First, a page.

A new ransomware doing the rounds is one of the most vicious seen, directly targeting specific files and destroying them if you don't pay up.
Ransomware is usually a pretty nasty form of malware. It seizes control of your machine, encrypting your files and demanding you pay a sum of money in order to unlock the encryption. A new one doing the rounds for Windows, however, is particularly brutal. Called CryptoLocker, it targets specific files, meaning once it takes hold, there's no way to retrieve your files except by paying the ransom.
According to Sophos' Naked Security, CryptoLocker attaches itself to your Documents and Settings folder, adds itself to the list of programs that launch automatically when you boot up your PC and scrambles your files using something called public-key cryptography. This uses a pair of keys: a public key that encrypts your data and a private key that is the only thing that can decrypt it.
Once your files — sourced from all folders and drives in your machine based on extension — have been encrypted, a pop-up window gives you 100 hours to pay US$300 via Green Dot MoneyPak prepaid debit card or cryptocurrency Bitcoin before your files are irretrievable.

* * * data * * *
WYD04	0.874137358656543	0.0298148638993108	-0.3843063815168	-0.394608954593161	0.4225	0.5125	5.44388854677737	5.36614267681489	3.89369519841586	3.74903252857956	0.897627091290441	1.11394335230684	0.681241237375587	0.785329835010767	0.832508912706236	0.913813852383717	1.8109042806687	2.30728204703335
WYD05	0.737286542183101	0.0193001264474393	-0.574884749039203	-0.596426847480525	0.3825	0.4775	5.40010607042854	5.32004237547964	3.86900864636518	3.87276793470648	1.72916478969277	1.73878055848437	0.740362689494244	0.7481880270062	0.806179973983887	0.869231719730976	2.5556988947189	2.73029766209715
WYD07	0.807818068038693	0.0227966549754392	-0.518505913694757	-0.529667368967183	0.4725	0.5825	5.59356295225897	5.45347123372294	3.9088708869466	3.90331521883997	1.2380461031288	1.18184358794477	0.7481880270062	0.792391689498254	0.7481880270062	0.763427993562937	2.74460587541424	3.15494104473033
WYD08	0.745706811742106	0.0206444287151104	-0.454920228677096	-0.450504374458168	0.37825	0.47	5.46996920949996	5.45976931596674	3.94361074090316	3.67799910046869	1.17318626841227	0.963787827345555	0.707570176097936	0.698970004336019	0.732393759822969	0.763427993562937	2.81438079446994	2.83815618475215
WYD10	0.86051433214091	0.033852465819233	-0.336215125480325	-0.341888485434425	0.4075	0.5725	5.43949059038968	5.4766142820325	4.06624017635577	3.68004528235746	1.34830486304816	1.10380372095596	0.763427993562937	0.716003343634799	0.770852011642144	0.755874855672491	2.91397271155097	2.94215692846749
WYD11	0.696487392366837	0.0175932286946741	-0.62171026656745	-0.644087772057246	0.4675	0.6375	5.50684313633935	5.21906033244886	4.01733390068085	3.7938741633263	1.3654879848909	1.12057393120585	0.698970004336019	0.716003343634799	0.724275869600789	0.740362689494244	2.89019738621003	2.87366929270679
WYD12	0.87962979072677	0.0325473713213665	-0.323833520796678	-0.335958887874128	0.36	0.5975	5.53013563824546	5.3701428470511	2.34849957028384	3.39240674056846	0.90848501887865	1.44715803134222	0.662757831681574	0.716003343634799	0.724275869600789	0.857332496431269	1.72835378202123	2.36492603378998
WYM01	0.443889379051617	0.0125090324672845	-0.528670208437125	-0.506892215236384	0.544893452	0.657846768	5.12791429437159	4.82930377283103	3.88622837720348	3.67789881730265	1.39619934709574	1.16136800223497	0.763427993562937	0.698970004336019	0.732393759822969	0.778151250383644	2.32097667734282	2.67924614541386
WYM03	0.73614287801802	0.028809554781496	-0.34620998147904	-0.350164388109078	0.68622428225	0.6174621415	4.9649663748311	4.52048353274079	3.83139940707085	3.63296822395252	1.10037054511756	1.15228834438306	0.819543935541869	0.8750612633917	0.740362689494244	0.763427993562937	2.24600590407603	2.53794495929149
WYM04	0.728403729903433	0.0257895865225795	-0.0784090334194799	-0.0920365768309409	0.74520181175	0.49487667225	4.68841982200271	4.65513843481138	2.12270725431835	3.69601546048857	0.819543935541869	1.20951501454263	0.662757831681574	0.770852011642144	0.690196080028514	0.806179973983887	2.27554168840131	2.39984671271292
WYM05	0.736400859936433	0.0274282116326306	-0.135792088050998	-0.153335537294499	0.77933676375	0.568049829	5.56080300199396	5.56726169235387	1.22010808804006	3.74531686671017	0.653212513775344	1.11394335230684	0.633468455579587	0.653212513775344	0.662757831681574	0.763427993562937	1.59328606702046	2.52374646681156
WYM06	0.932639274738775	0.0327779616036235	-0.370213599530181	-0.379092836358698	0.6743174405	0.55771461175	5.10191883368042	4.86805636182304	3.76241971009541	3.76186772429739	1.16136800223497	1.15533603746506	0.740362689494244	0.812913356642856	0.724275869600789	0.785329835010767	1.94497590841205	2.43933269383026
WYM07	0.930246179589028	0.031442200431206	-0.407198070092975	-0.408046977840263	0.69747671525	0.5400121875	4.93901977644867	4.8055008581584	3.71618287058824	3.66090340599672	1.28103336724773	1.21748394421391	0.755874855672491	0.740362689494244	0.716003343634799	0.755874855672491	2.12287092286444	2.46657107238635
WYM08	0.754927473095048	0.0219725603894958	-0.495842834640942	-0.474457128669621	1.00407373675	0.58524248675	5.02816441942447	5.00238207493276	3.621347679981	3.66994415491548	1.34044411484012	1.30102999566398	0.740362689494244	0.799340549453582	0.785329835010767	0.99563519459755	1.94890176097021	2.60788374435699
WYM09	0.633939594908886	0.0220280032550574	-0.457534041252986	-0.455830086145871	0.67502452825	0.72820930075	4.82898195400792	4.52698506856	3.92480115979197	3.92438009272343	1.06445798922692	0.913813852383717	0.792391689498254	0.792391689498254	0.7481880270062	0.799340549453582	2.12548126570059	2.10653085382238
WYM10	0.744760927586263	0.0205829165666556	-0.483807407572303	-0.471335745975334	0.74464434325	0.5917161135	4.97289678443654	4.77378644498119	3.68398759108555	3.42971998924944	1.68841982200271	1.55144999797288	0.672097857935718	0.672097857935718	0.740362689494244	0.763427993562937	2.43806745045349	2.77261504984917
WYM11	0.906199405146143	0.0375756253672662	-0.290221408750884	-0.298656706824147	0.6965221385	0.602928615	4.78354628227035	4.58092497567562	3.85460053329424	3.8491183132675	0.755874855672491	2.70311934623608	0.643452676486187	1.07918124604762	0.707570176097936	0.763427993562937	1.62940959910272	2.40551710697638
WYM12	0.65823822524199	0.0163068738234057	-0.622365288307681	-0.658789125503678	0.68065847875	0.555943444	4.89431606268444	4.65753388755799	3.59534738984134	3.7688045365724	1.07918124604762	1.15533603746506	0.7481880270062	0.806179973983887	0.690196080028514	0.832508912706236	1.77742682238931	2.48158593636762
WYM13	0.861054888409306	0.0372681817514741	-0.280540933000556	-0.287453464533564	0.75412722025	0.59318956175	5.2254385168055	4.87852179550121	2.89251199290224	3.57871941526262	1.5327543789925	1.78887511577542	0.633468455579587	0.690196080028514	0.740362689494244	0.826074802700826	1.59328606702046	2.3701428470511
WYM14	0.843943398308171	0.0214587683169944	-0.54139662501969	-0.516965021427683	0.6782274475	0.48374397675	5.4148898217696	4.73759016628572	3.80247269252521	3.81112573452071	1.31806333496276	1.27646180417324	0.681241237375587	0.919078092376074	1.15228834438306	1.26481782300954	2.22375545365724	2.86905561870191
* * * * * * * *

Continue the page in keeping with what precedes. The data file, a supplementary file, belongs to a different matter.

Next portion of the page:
"SophosLabs has received a large number of scrambled documents via the Sophos sample submission system," Naked Security wrote. "These have come from people who are keenly hoping that there's a flaw in the CryptoLocker encryption and that we can help them get their files back. But as far as we can see, there's no back door or shortcut: what the public key has scrambled, only the private key can unscramble."
CryptoLocker can infect your computer in one of two ways: via email attachment that seems to come from a respected source, such as a governmental bureau (so, as always, be very careful what you open), and via botnet, which capitalises on the fact that a malware is already on your PC and piggybacks by "upgrading" or replacing the malware with its own code.
Naked Security cautions that you perform an immediate scan and clean of your computer to get rid of any possible malware you may have picked up — and don't try paying the ransom. Otherwise, keep your operating system and antivirus software up to date, make sure you keep your files backed up, preferably offline, and avoid opening email attachments from people you don't know.
You can see CryptoLocker in action in the video below.